In the life of Joseph, the forgotten king, Jesus had seen how to treat a woman – women like my wife, my daughters, my sisters and my own mother. And Jesus carried that virtue of mercy and justice throughout his whole life and ministry. He had watched Joseph loving Mary, no matter what – cherishing her and defending her against attacks and malicious gossip. When the law demanded death, he did what he had to do to honor and uphold life.
Through Joseph, Jesus learned that a woman was to be valued, honored and cared for. And as the Bible reveals, Jesus did that with every woman he encountered. In fact, he did that with every person he encountered.
Just and merciful. That is how Jesus is revealed to the world. God’s Justice and mercy...made manifest for others to see. While it seems Joseph fades into the background of Jesus’ story, I’d say, this forgotten king did a pretty good job at raising a different kind of king. Our King.”
For me, the moral of Roxy’s story is simple. We learn our behavior from watching others. Just the same, others learn from watching us. So we must ask ourselves “what exactly do they see when they look at you and me?”
Do they see a group of selfish people who are rigid and harsh with others who aren’t like us - demanding and unforgiving, always taking what God has to offer without ever really giving back?
Or do they see the glory of our Divine King, made manifest, who out of great love for others doesn’t think twice about showing mercy or forgiveness, even if it’s deeply unpopular or cost him his life.
My challenge to you today is a challenge we need to make for the entire year. Whether or not you make New Years resolutions, I hope that you will make it your goal for the year to faithfully practice the way of Jesus. By watching and observing his way, we learn and teach God’s way.
I challenge you to use the next 359 days to walk as Jesus walked, to use your words, your hands, your heart, your time, and your gifts to bring peace and reconciliation everywhere you go. And to do what you can to heal the world through acts of kindness, mercy, and grace.
I challenge you to love everyone and serve and stand up for everyone - especially those who have no voice, or rights; and those who are hiding in fear because of who they are or where they are from.
Today, as we celebrate Epiphany, I challenge you to allow God to make manifest in you the light and love of Jesus Christ. The reason this is important is simple: Through us, God’s love and forgiveness becomes tangible and real reaching others in the most intimate and profound way.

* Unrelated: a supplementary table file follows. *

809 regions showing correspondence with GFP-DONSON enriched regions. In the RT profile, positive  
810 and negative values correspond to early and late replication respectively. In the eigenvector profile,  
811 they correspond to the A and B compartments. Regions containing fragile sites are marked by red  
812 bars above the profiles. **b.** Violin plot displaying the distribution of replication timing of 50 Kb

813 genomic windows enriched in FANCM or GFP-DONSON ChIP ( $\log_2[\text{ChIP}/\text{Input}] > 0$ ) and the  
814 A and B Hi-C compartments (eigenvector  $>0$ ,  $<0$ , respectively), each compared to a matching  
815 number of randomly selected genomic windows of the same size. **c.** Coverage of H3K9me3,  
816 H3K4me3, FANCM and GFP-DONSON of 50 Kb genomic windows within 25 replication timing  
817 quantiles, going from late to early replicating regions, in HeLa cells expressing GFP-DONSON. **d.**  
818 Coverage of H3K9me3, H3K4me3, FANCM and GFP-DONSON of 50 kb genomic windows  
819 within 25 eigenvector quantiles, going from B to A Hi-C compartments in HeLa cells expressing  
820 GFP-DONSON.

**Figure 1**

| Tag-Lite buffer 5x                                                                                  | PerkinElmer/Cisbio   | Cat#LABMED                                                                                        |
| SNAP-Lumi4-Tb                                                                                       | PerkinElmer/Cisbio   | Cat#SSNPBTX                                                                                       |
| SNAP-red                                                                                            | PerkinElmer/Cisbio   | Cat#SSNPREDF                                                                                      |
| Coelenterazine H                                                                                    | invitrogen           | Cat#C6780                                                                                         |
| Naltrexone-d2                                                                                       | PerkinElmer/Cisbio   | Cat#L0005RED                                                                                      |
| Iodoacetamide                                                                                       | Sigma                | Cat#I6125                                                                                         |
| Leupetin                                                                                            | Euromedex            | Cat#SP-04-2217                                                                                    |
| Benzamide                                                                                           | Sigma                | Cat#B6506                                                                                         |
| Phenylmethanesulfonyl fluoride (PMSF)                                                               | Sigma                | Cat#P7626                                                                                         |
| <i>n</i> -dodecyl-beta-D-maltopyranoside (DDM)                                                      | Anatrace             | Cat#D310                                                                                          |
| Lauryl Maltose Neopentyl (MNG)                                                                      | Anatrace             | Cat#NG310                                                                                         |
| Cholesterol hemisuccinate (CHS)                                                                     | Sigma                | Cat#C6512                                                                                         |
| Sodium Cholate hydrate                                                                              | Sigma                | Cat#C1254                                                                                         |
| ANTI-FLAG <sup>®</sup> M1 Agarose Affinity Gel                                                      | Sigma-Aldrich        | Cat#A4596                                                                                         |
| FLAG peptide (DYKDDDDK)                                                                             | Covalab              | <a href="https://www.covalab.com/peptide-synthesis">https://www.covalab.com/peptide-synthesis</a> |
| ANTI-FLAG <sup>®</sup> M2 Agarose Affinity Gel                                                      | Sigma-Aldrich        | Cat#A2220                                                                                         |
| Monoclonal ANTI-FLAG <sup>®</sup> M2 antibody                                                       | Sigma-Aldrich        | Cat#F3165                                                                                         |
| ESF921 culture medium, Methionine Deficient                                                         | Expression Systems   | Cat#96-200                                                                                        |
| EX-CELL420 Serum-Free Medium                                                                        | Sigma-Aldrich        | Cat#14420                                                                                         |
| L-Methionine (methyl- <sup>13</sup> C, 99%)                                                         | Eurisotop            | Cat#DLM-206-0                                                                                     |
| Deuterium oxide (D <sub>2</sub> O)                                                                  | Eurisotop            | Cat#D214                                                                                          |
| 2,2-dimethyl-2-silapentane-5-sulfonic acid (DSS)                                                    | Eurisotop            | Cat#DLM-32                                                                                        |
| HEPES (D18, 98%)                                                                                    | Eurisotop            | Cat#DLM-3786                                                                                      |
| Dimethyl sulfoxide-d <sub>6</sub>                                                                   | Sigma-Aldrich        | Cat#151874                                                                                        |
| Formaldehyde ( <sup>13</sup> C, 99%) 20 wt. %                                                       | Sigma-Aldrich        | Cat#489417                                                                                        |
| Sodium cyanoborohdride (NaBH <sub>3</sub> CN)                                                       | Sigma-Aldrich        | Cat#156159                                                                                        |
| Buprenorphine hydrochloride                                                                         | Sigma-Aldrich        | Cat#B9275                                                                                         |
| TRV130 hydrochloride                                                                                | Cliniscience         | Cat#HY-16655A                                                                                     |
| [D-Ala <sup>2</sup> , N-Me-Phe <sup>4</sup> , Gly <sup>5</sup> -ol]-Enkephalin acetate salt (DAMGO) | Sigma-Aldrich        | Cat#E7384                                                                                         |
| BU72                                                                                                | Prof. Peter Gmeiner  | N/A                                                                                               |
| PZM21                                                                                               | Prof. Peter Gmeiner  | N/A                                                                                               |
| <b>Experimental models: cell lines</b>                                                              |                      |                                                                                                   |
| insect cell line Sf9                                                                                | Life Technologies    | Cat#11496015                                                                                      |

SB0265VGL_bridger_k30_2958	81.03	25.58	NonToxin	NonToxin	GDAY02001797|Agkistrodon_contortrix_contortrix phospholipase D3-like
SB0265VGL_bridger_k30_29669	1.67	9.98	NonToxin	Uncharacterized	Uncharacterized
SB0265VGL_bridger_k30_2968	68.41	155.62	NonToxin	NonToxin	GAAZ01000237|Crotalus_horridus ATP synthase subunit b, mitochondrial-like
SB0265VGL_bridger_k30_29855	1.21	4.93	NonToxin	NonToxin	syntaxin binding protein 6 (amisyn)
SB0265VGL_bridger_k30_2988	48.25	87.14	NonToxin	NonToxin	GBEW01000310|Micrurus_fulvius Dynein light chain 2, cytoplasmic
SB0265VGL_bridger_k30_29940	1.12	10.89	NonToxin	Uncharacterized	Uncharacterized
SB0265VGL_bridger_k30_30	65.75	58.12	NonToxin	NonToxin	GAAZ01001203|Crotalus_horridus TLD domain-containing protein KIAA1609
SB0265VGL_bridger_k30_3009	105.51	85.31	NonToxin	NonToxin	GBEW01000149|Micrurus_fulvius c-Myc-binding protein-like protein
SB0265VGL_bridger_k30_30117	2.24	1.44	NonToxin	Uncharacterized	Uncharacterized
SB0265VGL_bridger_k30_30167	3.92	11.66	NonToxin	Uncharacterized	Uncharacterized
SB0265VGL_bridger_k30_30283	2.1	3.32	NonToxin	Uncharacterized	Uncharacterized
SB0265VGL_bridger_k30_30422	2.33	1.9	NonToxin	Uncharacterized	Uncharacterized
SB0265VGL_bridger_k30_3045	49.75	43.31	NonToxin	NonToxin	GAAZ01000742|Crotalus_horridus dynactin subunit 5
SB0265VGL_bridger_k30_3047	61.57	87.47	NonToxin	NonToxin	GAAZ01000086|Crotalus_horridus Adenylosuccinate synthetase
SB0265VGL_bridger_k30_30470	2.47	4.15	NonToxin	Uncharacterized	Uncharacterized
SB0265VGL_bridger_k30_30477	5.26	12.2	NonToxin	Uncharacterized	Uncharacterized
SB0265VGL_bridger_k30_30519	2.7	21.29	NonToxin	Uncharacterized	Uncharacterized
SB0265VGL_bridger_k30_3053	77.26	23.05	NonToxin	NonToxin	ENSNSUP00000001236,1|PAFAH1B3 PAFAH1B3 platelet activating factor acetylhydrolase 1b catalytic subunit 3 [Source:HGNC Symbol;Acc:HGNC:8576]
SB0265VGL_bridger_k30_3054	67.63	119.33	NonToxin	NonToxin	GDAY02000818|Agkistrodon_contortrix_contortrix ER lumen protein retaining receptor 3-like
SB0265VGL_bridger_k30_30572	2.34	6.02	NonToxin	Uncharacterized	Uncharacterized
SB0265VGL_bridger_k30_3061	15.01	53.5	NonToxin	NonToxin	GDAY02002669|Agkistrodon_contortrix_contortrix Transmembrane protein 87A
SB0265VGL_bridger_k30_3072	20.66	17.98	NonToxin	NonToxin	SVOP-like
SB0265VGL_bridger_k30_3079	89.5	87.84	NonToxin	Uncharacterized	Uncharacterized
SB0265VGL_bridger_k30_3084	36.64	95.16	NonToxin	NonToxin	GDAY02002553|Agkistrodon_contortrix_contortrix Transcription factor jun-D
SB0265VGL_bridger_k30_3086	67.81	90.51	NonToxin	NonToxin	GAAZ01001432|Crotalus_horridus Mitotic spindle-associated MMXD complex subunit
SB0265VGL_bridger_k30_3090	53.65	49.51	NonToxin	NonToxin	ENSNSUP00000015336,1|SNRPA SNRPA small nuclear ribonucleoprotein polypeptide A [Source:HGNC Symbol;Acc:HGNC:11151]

Just as God worked in human form through Jesus, so too does God use us to reconcile the world home. We are called to be like Christ in the world so others can meet God anywhere and everywhere we are.
By our faithfulness and willingness to live in such a way that reflects God’s will and not simply our own, we become something greater than some temporal, earthly king. We become sons and daughters of God Almighty - heirs to the everlasting manifestation of God’s great glory in the world. Amen.
*Special thanks to Roxy Rice for her inspiring devotional which she allowed me to share and add to.
Another shared devotional illustration from Nicky Gumbel:
When she was nineteen years of age, Chiara Lubich gathered with a few friends in northern Italy. It was 1939 and, as bombs fell, they asked this question: ‘Was there an ideal that bombs could not destroy?’ Their answer was, ‘Yes, the love of God’.
They had experienced God’s overwhelming love and they wanted to share it with others. They imitated God by living a life of love (Ephesians 5:1–2). They helped those in need. They shared what little food they had. They found clothing for those who had none. They comforted the bereaved.
Such a warmth emanated from Chiara and her friends that people gave them the name ‘Focolare’, which means ‘hearth’ or ‘fireplace’. Focolare now has 2 million members in 182 countries. Members of the Focolare community make it their rule of life, 24 hours a day, to live by the golden rule of Jesus: ‘Do to others what you would have them do to you’ (Matthew 7:12).
Love is practical. Chiara said, ‘Love the other person as yourself… Imagine how the world would be if the golden rule were put into practice not only between individuals, but also between ethnic groups, peoples and nations, if everyone loved the other country as their own.’
How can we imitate God and live a life of love?
An ex-copywriter turned punk rock pastor and peacemaker who dedicates his life to making the world a better place for all humanity.
"that they all might be one" ~John 17:21
“Prius vita quam doctrina.”
~ St. Thomas Aquinas (1225–1274)
* “Life is more important than doctrine.”